Symptoms and Signs of Kidney Failure After a Dog Eats Grapes

Updated on October 29, 2019
Schatzie Speaks profile image

Schatzie has bachelor's degrees in animal science and English and a master's in education.

Grape, Raisin, and Currant Poisoning in Dogs
Grape, Raisin, and Currant Poisoning in Dogs | Source

All Grape Varieties Are Toxic to Dogs

As the proud owner of two adorable Cockapoos, I fully understand how hard it is to say “no” to a pair of beady eyes set in a face of fluff. Unfortunately, there are some “people” foods that if shared could seriously sicken your pet, if not kill them. One potential danger is grapes (raisins and currants included).

According to the ASPCA, grapes of all varieties can cause serious harm to your dog. This includes grapes purchased from supermarkets and grapes eaten off of a backyard garden vine. Both red grapes and green grapes are suspect, as are grapes with seeds and without. Since raisins are dried grapes, they must be avoided as well; even the leftover pressings from a vineyard can prove lethal. Each and every one of these has been documented to result in kidney failure in dogs (McKnight 135).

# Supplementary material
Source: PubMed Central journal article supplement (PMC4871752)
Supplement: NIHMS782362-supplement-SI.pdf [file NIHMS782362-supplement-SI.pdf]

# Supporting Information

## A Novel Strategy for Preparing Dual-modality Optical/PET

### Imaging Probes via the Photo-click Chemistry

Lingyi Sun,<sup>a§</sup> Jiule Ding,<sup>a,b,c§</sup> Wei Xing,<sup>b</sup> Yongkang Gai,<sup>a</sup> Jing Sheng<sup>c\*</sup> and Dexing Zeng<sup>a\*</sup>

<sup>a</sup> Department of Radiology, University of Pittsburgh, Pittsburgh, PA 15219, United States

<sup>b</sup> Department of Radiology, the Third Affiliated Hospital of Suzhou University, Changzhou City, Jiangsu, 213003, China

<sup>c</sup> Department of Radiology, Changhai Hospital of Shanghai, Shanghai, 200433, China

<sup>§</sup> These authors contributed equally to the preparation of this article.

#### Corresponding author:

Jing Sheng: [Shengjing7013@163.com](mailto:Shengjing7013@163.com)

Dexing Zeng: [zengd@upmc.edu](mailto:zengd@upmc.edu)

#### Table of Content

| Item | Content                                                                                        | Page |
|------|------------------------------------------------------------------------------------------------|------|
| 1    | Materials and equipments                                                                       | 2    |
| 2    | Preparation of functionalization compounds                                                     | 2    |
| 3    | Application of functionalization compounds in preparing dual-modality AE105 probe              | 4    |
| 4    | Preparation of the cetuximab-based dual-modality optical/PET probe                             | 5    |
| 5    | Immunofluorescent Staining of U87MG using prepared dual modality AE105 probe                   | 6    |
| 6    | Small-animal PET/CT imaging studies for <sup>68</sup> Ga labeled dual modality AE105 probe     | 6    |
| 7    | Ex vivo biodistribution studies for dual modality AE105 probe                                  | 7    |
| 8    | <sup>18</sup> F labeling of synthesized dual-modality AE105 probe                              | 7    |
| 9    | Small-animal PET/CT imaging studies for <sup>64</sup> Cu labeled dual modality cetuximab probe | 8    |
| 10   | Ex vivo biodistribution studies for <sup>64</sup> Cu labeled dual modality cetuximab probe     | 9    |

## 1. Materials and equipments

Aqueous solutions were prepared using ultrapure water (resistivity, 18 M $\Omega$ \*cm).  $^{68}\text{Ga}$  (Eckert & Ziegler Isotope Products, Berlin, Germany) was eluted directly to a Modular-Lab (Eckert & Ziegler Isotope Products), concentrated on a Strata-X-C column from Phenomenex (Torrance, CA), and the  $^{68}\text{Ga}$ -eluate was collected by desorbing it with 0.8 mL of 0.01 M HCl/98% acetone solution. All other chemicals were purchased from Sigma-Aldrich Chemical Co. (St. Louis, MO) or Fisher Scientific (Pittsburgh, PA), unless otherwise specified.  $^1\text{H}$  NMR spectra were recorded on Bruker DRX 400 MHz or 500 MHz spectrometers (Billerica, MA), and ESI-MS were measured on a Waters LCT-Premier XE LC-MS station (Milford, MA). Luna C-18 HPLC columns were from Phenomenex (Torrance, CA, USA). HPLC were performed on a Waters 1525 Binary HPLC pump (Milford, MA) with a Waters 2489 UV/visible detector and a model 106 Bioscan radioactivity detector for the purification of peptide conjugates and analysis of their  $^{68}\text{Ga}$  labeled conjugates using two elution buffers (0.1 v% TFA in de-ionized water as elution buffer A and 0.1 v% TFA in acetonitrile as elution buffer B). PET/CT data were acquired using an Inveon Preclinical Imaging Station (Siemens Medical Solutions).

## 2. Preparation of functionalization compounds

Why Are Grapes, Raisins, and Currants Dangerous?

It is not known specifically how or why poisoning takes place, only that it does. Grapes resulting in kidney failure have been tested for contamination with chemicals, toxins, and metals, all with negative results (McKnight 135). According to

"Some researchers suspect that a mycotoxin (a toxic substance produced by a fungus or mold) may be the cause. Some suspect a salicylate (aspirin-like) drug may be naturally found in the grape, resulting in decreased blood flow to the kidneys."

Another hypothesis is that since grapeseed oil is deemed safe, toxins reside in the skin of grapes. However, these are all just hypotheses, and until proven otherwise, grapes both peeled and unpeeled must not be feed to dogs.

How Much Is Too Much?

Unfortunately, not a whole lot of grapes or raisins need to be eaten to cause harm. One documented case attributes the ingestion of a mere 0.32 to 0.65 ounces per kilogram of a dog’s weight to toxicity (Mazzaferro et al.). This is the lowest confirmed dosage proven problematic (McKnight 135).

For this reason, if a pet is suspected of having eaten grapes, he or she should be monitored closely. However, to identify problems, it is essential for owners to know what to look for.

Symptoms of Grape Toxicity in Dogs